When my youngest was an infant, her poor health forced my transition from in-the-workplace to freelance. I had, at the time, a fantastic job, working three days a week in the office and two from home, managing the web site operations of a non-profit organization whose mission was close to my heart. On my last day, I brought my four-month-old daughter to the office. Swinging her carseat into the car in the parking lot when we left, I looked her in the eyes and said, “Well, kid, I guess it’s just us, now.”
Thirteen years later, in a recent meeting with fellow-volunteer members of my synagogue, I found myself floundering, not sure how to begin the conversation with these grown adults — many retired, all without kids at home — without saying, “How was your winter break?” Internally, I rolled my eyes at myself; I didn’t always have children. I didn’t always have two weeks mostly-off, flanking the end of one year and the beginning of another. What do adults without children say to each other at the beginning of January? I asked myself, and the answer was an imaginary shrug.
This is more than an academic question. In less than five years, I will have no children at home anymore. Though there will be a few more years of one child or another at home over university breaks at the holidays, it won’t be the same, and the rhythm of the whole of my life will change completely in the months between my youngest girl’s departure in the fall and her return in the winter. The first time she leaves, it will have been more than eighteen years since my daily life included guaranteed interactions with other adults.
In the intervening years, I held several identities in my never-empty hands. For nine of them, I was the Parent of a Sick Child, an identity it is shockingly hard to relinquish. The antennae were constantly up and searching for signal, stiff and unyielding, scraping the top of the tunnel as we crawled out. That identity came with excuses handy; I couldn’t be sure of my ability to do anything, in case she got sick, in case we couldn’t find the right food, in case she got hurt.
The flexibility of freelance life was a perfect second identity for me. I could work anywhere, I said — and I did. I worked in coffeeshops, on my couch on the afternoons of endoscopies as she dozed next to me, in hospital rooms, and finally in a co-working space in my town. I worked on vacations when my family traveled, cradling a laptop in chairs on hotel balconies or AirBnB kitchen tables. Over the years, I expanded my hours and raised my rates. For some time, my earnings covered our insurance deductible and our out-of-pocket maximum; when my daughter was well, finally, they covered college savings or family vacations.
Meanwhile, my husband’s career grew and grew, his knowledge and expertise in his industry — and the joy he took in his work — eclipsing my own by leaps and bounds. I held down the fort, as they say, finding myself in the traditional identity I’d never expected. If the passageway around me was growing wider as my daughter grew healthier, I could also see the rubble behind me growing taller: there were my thirties, habits created and dug into grooves upon which the years piled in a holding pattern. Sometimes, a look over my shoulder at what has passed yields my former self atop the pile, yelling “you’re a hack!” Sometimes, I peek behind me to see myself at thirty-five, the tiny versions of my daughters dancing with me in the kitchen, and I am bathed in gratitude for the way I swashbuckled my way through parenting.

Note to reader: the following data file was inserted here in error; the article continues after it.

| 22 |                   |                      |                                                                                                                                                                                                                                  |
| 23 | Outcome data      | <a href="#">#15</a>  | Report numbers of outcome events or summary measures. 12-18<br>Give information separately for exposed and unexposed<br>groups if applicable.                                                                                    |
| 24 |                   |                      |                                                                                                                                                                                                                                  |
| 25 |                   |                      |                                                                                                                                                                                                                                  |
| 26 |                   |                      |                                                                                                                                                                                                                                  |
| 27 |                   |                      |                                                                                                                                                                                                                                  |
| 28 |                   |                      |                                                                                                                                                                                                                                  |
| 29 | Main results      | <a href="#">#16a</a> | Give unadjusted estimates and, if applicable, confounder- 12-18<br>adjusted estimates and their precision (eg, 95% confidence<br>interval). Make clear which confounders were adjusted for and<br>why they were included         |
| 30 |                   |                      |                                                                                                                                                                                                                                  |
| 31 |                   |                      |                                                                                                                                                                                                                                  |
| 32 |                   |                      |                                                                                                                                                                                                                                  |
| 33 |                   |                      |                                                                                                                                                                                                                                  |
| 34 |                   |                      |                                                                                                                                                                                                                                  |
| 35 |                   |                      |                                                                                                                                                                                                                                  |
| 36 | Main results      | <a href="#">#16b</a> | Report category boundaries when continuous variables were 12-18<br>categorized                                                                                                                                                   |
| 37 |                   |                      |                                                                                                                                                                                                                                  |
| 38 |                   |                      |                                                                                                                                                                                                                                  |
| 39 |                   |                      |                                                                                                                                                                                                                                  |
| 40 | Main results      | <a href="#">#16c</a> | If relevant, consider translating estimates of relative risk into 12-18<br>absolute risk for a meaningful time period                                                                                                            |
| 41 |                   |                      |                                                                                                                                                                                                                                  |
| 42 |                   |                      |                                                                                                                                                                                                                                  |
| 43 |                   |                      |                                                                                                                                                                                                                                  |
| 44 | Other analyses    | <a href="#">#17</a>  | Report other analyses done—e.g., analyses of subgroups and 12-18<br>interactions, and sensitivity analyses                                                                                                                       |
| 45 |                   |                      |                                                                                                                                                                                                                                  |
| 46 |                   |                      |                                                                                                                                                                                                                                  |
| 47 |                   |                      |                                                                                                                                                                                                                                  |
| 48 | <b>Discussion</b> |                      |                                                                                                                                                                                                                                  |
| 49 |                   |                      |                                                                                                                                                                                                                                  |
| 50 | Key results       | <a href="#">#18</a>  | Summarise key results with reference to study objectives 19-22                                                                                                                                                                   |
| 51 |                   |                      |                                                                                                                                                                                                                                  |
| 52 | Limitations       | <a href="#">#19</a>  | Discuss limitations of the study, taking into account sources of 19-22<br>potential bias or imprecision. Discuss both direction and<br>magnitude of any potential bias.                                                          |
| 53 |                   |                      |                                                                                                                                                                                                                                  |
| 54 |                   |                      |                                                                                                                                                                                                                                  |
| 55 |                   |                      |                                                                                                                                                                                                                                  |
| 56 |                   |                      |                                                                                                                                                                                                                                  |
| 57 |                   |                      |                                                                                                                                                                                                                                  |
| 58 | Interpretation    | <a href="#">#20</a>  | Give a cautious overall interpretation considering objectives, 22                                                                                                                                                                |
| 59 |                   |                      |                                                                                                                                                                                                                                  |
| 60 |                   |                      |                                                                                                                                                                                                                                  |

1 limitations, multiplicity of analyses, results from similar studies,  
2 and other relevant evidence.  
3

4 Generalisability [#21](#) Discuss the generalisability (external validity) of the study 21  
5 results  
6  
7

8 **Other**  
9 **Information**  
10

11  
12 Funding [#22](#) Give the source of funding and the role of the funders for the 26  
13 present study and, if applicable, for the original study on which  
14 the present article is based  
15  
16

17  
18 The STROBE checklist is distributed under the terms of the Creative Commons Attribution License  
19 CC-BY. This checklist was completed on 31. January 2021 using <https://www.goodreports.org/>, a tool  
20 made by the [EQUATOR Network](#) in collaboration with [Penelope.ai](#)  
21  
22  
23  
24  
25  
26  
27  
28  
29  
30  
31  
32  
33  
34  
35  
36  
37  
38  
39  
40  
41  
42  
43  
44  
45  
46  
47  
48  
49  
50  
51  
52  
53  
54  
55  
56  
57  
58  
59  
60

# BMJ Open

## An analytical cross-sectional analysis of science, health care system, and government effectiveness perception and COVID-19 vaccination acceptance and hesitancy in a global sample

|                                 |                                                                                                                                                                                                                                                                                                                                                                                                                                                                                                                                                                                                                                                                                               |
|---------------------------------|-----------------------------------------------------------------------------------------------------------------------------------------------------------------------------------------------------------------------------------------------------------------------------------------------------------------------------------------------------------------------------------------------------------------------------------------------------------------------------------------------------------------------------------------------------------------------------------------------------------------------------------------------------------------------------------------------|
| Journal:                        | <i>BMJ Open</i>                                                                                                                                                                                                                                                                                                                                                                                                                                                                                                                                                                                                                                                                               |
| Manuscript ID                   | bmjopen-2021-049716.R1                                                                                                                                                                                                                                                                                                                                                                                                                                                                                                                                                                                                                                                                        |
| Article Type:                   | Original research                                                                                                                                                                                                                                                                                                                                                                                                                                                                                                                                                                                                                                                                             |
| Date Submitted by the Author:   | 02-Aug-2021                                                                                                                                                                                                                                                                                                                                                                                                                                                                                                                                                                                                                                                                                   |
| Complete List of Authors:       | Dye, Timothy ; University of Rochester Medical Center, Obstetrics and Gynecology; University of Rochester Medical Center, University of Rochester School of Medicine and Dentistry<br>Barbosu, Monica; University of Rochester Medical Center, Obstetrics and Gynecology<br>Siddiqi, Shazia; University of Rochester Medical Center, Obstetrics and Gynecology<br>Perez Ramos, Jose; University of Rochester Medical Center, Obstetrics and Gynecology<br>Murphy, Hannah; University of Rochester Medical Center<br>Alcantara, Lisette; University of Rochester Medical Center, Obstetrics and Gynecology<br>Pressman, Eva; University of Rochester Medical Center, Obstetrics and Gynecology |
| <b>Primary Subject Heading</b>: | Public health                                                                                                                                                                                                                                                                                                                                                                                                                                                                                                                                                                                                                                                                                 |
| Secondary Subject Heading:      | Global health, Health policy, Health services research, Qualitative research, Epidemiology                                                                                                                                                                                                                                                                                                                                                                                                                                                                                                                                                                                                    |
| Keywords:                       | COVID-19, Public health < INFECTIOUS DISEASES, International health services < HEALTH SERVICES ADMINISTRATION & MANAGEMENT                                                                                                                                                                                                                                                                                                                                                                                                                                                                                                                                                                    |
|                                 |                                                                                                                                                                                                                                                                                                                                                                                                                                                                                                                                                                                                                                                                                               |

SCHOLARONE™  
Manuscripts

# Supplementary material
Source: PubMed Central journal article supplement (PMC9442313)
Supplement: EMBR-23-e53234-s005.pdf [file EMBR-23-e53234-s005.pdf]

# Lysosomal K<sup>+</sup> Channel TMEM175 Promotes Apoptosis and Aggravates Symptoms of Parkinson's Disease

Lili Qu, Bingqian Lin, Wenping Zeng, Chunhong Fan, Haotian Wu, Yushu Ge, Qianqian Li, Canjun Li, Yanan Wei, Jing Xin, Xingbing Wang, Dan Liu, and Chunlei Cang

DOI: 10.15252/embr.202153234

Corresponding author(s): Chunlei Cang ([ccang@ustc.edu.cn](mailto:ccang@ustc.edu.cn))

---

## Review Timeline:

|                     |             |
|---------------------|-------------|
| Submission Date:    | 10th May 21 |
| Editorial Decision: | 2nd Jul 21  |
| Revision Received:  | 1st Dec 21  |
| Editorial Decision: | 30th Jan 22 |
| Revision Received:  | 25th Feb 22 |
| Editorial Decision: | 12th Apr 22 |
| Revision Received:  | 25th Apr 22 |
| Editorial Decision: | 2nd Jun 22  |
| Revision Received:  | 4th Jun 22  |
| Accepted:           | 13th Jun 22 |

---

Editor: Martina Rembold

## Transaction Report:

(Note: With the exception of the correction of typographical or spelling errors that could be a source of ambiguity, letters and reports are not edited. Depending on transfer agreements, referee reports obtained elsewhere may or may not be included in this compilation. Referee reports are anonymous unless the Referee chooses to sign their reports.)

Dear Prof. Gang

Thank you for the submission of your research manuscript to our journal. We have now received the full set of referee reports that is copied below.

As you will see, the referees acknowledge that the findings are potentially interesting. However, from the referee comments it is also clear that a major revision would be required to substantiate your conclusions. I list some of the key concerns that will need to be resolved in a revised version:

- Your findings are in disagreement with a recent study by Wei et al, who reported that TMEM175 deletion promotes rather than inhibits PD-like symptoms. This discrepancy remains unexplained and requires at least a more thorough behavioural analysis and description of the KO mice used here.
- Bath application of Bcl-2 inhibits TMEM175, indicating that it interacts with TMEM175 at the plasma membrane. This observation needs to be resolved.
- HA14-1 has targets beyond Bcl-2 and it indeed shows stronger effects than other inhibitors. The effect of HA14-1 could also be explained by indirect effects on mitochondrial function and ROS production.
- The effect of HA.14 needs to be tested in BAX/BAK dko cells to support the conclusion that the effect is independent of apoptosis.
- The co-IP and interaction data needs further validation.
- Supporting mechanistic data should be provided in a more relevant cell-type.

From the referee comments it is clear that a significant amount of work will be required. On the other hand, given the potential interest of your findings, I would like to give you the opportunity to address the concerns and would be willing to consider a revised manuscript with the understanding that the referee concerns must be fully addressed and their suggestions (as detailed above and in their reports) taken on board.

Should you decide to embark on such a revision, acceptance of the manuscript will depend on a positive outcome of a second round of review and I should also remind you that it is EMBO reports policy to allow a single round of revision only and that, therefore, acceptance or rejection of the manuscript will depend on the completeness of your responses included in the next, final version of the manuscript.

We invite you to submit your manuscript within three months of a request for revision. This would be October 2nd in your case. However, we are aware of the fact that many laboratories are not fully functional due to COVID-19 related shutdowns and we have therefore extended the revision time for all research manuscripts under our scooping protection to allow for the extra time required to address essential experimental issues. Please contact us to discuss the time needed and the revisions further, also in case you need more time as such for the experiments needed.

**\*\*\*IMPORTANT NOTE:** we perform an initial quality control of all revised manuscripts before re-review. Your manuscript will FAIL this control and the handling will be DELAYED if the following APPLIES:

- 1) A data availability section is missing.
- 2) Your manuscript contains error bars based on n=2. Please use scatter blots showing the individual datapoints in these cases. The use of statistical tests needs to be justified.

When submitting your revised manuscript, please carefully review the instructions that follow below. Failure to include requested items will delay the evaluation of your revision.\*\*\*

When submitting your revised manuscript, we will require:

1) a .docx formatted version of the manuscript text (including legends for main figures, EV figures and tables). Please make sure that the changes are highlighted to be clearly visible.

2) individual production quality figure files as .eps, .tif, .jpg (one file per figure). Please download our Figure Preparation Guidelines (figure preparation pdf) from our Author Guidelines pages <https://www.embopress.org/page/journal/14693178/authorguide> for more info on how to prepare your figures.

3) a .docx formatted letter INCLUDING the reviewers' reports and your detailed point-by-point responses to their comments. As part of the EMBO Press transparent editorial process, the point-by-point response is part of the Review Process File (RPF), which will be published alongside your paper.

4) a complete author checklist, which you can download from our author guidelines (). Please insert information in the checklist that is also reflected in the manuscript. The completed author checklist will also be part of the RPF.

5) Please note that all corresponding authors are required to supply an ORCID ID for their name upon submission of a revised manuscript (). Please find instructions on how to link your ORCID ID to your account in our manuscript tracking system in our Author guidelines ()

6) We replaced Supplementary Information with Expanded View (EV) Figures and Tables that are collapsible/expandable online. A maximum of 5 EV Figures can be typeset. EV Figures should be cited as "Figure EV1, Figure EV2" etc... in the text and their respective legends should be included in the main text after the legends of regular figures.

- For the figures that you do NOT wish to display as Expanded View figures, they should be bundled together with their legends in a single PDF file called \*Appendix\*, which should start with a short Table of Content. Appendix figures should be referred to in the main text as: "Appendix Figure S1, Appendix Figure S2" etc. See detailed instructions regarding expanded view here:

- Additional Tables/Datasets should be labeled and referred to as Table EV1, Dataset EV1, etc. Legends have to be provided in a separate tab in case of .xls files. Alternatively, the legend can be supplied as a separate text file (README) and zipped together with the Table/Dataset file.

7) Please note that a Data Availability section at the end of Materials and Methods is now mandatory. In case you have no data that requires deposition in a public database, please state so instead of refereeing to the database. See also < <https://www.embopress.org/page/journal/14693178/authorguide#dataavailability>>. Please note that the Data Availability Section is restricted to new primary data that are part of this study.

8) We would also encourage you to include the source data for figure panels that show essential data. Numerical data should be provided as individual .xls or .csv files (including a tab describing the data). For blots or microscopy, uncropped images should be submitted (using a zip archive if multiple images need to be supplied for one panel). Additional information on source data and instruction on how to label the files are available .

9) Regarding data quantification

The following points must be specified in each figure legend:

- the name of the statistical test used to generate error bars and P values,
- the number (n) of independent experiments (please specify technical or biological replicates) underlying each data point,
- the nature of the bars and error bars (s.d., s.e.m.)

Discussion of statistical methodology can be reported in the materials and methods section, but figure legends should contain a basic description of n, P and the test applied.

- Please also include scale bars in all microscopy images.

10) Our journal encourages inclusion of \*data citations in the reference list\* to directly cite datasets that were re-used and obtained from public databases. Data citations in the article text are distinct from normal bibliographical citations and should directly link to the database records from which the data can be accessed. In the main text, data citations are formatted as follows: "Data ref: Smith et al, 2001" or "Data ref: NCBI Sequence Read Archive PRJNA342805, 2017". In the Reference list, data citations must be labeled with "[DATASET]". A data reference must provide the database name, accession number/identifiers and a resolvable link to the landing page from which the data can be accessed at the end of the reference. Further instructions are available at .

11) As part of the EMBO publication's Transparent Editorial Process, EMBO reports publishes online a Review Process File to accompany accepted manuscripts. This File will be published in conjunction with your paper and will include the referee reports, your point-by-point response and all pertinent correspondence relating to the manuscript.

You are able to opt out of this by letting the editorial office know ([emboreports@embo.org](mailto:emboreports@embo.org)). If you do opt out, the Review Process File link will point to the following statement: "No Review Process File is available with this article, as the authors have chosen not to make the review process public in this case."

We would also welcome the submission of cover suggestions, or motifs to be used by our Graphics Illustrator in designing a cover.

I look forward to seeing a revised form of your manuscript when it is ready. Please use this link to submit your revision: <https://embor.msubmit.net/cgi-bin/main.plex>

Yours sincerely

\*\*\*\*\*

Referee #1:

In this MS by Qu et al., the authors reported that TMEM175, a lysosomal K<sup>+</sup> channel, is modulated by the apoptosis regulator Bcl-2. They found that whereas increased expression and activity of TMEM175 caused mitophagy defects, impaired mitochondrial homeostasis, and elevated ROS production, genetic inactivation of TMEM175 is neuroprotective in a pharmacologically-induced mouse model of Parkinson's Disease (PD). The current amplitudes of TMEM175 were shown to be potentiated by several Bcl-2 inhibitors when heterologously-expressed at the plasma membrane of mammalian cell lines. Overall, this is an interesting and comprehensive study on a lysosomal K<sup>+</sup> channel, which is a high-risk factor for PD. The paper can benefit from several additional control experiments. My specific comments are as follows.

Whenever I reach a crossroads in my life, I dream of going to college. Sometimes the dreams find me, stereotypically, on my way to a class shirtless, clutching my books to my chest. Sometimes, I dream about arriving on campus without having made arrangements for my children back home; I’m decorating a dorm room and suddenly recall my younger daughter’s play rehearsal, with no-one to pick her up. Sometimes there are roommates to choose, boys to date, brilliant professors with whom I discuss literature and smoke cigarettes. Always, my conscious mind reminds me: this passage has closed. Go home; it’s time for dinner.
Some day, January and June and September will just be the next month, no different from December or May or August, no special meaning, no rhythm change. Some day I won’t need to rush home at 4pm to supervise homework or start chopping vegetables. Some day, I will have no one but me — and my husband — to consider when I begin and end a day, a week, a job. It’s a hard truth that I no longer remember how to operate that kind of life. This passageway will come to an end, but the path behind me is easier to see than the one in front of me. Ready or not, I’m journeying there. I’ll report back when I arrive.
This has been a Finish the Sentence Friday post. This week’s prompt is the photo “Passageway” by Tim Wright co-hosted by Kristi Campbell of Finding Ninee and Mardra Sikora (mother to Marcus and the superhuman who invited us to celebrate Down Syndrome with Colin Farrell).